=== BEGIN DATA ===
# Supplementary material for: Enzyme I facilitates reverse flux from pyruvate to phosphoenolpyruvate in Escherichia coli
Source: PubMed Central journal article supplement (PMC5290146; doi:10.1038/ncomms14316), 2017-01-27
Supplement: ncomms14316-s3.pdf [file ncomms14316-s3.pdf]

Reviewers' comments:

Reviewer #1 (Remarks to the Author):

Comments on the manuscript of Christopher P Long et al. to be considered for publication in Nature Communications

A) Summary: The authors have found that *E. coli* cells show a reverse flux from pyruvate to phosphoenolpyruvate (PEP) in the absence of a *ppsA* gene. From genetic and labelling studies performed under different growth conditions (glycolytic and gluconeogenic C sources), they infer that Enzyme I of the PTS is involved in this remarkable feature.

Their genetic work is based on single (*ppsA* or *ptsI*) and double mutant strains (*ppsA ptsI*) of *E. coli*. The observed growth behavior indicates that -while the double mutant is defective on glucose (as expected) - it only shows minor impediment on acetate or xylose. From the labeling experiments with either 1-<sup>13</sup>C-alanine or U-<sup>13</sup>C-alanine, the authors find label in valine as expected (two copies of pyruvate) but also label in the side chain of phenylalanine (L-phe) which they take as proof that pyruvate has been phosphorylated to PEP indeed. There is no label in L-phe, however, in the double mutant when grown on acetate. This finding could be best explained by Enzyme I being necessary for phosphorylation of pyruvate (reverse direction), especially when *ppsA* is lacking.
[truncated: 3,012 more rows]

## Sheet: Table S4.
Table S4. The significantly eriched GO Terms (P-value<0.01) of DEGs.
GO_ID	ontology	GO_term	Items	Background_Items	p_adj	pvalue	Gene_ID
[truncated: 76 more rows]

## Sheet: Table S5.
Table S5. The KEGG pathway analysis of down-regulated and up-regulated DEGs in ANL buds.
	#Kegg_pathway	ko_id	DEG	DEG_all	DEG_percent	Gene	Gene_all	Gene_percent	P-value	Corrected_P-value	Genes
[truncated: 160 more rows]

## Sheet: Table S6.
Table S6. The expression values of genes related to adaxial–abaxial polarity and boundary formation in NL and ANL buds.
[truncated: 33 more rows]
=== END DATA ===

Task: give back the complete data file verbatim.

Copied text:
# Supplementary material for: Enzyme I facilitates reverse flux from pyruvate to phosphoenolpyruvate in Escherichia coli
Source: PubMed Central journal article supplement (PMC5290146; doi:10.1038/ncomms14316), 2017-01-27
Supplement: ncomms14316-s3.pdf [file ncomms14316-s3.pdf]

Reviewers' comments:

Reviewer #1 (Remarks to the Author):

Comments on the manuscript of Christopher P Long et al. to be considered for publication in Nature Communications

A) Summary: The authors have found that *E. coli* cells show a reverse flux from pyruvate to phosphoenolpyruvate (PEP) in the absence of a *ppsA* gene. From genetic and labelling studies performed under different growth conditions (glycolytic and gluconeogenic C sources), they infer that Enzyme I of the PTS is involved in this remarkable feature.

Their genetic work is based on single (*ppsA* or *ptsI*) and double mutant strains (*ppsA ptsI*) of *E. coli*. The observed growth behavior indicates that -while the double mutant is defective on glucose (as expected) - it only shows minor impediment on acetate or xylose. From the labeling experiments with either 1-<sup>13</sup>C-alanine or U-<sup>13</sup>C-alanine, the authors find label in valine as expected (two copies of pyruvate) but also label in the side chain of phenylalanine (L-phe) which they take as proof that pyruvate has been phosphorylated to PEP indeed. There is no label in L-phe, however, in the double mutant when grown on acetate. This finding could be best explained by Enzyme I being necessary for phosphorylation of pyruvate (reverse direction), especially when *ppsA* is lacking.
[truncated: 3,012 more rows]

## Sheet: Table S4.
Table S4. The significantly eriched GO Terms (P-value<0.01) of DEGs.
GO_ID	ontology	GO_term	Items	Background_Items	p_adj	pvalue	Gene_ID
[truncated: 76 more rows]

## Sheet: Table S5.
Table S5. The KEGG pathway analysis of down-regulated and up-regulated DEGs in ANL buds.
	#Kegg_pathway	ko_id	DEG	DEG_all	DEG_percent	Gene	Gene_all	Gene_percent	P-value	Corrected_P-value	Genes
[truncated: 160 more rows]

## Sheet: Table S6.
Table S6. The expression values of genes related to adaxial–abaxial polarity and boundary formation in NL and ANL buds.
[truncated: 33 more rows]